• Mark Russell

How To Spot & Photograph Matariki

Matariki is a star cluster of around 500 stars that is visible at this time of the year in the lower North Eastern sky, just before dawn. Although there are 500 stars in the cluster, with the naked eye, you will only be able to make out up to 9 individual stars tightly packed together.

Matariki - Mark Russell
Finding Matariki - Mark Russell

To spot the Matariki cluster, you will need to find a good vantage point. You will need a location with a clear view of the North-Eastern sky: ideally somewhere where you can see the horizon. Any beach on the East Coast with a North Eastern outlook would work, but if you are further inland, or on the West Coast, you will likely need to get to the top of a hill with a view out to the East. Some preparation will help here, and it would be a good idea to go and visit the site a few days early, during daylight hours to check out your viewing location and ease of access.


Keep your eye on the weather, as you are looking for a clear dawn, without cloud cover. If the morning of June 24 is looking like it’s going to be cloudy, try a couple of days on either side of the 24th, as the night sky will still be very similar, and Matariki will still be visible.


Depending on where you are viewing the sky in Aotearoa, the timings may be slightly different, but approximately on June 24th, the Sun will rise at 7.30 am. However, to see Matariki, you will need to be up and looking at the North-Eastern sky somewhere between 5.30 am and 6 am before the sun’s light starts to dim the starscape. It’s going to be an early morning for you, perhaps even getting up at 4.30 am to get a warm drink, put some warm clothes on, grab your camera and head out so that you are set up at your chosen location by 5.30 am.


Looking to the North East, one of the most striking constellations that many of us are familiar with is Orion’s Belt, commonly referred to as ‘The Pot’. Once you locate Orion, cast your gaze left and down slightly, to where you will see a bright reddish star, known as Taumata-Kuku. Follow the same path further left, and as your eyes adjust to the night, you will be able to see the star cluster Matariki. It will help if you rest your eyes before viewing, no bright lights or phone screens to distract you, and let your eyes adjust to the night sky.

Matariki - Mark Russell
Matariki Panorama - Mark Russell

To photograph Matariki, you will need a camera that you can operate manually. You will need to set your shutter speed manually, somewhere between 15 and 30 seconds in length, and you will need to have your camera on a tripod to keep it steady for the duration of the image. Choose a wide-angle lens that will be able to get in some of the foreground and a decent amount of the night sky.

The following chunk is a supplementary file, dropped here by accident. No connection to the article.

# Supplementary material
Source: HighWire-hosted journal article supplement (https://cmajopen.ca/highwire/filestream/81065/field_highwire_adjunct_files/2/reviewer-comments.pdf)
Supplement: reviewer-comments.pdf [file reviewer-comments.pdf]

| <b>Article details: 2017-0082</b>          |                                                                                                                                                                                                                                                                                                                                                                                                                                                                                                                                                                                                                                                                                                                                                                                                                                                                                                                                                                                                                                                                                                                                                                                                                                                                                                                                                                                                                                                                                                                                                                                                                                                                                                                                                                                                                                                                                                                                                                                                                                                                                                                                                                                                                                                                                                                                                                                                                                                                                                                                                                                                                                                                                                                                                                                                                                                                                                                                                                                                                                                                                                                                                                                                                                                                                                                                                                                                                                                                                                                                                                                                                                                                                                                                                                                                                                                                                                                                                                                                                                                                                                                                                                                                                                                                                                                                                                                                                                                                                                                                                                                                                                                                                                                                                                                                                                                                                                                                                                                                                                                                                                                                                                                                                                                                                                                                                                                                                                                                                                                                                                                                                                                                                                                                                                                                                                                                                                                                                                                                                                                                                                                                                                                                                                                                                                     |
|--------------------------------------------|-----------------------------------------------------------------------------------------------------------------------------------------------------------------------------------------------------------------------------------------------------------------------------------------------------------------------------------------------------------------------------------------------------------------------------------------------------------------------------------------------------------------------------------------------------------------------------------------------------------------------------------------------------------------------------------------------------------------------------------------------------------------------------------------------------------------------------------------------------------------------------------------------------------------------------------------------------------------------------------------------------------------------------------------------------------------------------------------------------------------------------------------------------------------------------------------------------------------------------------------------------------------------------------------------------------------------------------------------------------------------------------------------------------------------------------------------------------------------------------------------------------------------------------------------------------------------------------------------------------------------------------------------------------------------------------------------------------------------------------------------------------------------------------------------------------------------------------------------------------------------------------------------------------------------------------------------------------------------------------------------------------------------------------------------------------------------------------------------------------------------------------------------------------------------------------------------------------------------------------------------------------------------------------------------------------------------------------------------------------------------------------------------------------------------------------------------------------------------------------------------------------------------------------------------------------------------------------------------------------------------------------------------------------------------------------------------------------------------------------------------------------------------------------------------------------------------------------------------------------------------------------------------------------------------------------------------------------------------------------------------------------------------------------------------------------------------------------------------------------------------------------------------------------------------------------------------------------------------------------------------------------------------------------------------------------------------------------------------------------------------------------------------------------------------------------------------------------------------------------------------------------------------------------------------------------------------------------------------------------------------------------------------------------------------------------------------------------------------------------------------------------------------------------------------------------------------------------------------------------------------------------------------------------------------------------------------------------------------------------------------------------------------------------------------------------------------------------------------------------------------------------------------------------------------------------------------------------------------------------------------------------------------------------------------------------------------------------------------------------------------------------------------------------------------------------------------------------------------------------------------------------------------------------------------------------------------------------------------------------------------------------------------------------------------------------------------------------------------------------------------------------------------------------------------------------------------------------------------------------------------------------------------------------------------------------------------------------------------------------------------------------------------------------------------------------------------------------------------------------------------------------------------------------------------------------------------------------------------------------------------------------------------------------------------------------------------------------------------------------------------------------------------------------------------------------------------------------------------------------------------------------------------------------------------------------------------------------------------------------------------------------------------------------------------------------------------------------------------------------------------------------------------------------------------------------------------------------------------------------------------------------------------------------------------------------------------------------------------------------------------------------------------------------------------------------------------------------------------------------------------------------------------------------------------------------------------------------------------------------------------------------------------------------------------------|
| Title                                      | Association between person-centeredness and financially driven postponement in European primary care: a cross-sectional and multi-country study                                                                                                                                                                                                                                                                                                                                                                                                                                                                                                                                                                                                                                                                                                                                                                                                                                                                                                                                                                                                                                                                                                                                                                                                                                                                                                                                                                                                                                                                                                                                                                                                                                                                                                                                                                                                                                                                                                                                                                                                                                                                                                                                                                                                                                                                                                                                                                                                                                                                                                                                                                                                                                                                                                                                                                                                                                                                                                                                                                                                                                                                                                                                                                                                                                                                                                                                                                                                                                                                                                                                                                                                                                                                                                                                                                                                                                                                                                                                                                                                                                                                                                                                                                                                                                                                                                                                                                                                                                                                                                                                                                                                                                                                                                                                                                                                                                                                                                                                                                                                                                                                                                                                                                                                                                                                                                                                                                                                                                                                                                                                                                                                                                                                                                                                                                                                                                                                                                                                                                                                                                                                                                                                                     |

If you expose them for longer than 30 seconds, the stars will noticeably move through your image, and will not be defined as points of light; they will start to become star trails. If you have a telephoto lens, this movement will be even more pronounced in an even shorter timeframe. This is why the wider the lens the easier it is to make images of the night sky. On a full-frame camera, anything 35mm or below with an aperture of 2.8 or below would be ideal. On an APSC camera, anything 23mm or below, with an aperture of 2.0 or below would be ideal. If your lens has an aperture of 4.0 or above, you will still be able to make an image, but your image will be much darker and not be that satisfying. Your ISO will be higher than you are used to shooting with, and I would start around ISO 3200. If your aperture is not super wide, you might need to bump that up to ISO 6400 or even higher.


You will also need to set your focus manually. A good way I find is to digitally zoom into the stars of Orion with your manual focus assist, and turn your focus ring until the brightest star is a small defined point, rather than a fuzzy blob. Then when you take your photo, all the stars should be nice and defined. When starting out it may take a little bit of fine-tuning, as it can be difficult to tell sometimes if your focus is spot on. But once you have your focus set, away you go, composition is now your key focus.


Composition is ultimately a personal choice, but I find it is the choice that can have the most dramatic effect on your image. So get out there, and go hunting for something interesting to include in your frame. A prominent tree, or distant ridge line, even the waves breaking on the shore of the beach. Find a great location that you feel comfortable in to take in the beauty of the night sky and the season of Matariki.

Matariki - Mark Russell
Matariki - Mark Russell

Half the excitement is experiencing it with your own eyes, but if you can come home with a great picture, that’s definitely a bonus that will leave you keen for more. Astrophotography is a fascinating pursuit. The changing seasons, moons, skies, weather and your location mean you will always encounter something new. I would encourage you to also do a bit of research, as finding out the depth and meaning of Matariki in te ao Māori might just make this season that little bit more special.


About Mark Russell

Kia ora, I'm Mark Russell, a professional Photographer and Videographer, who runs our company Renegade Peach with my wife Sophi. I have been fortunate enough to spend a lot of time in my life on Aotea / Great Barrier Island, and as the island has some of the best dark skies in the world, two of my favorite things collided. I have been taking Astrophotography images ever since.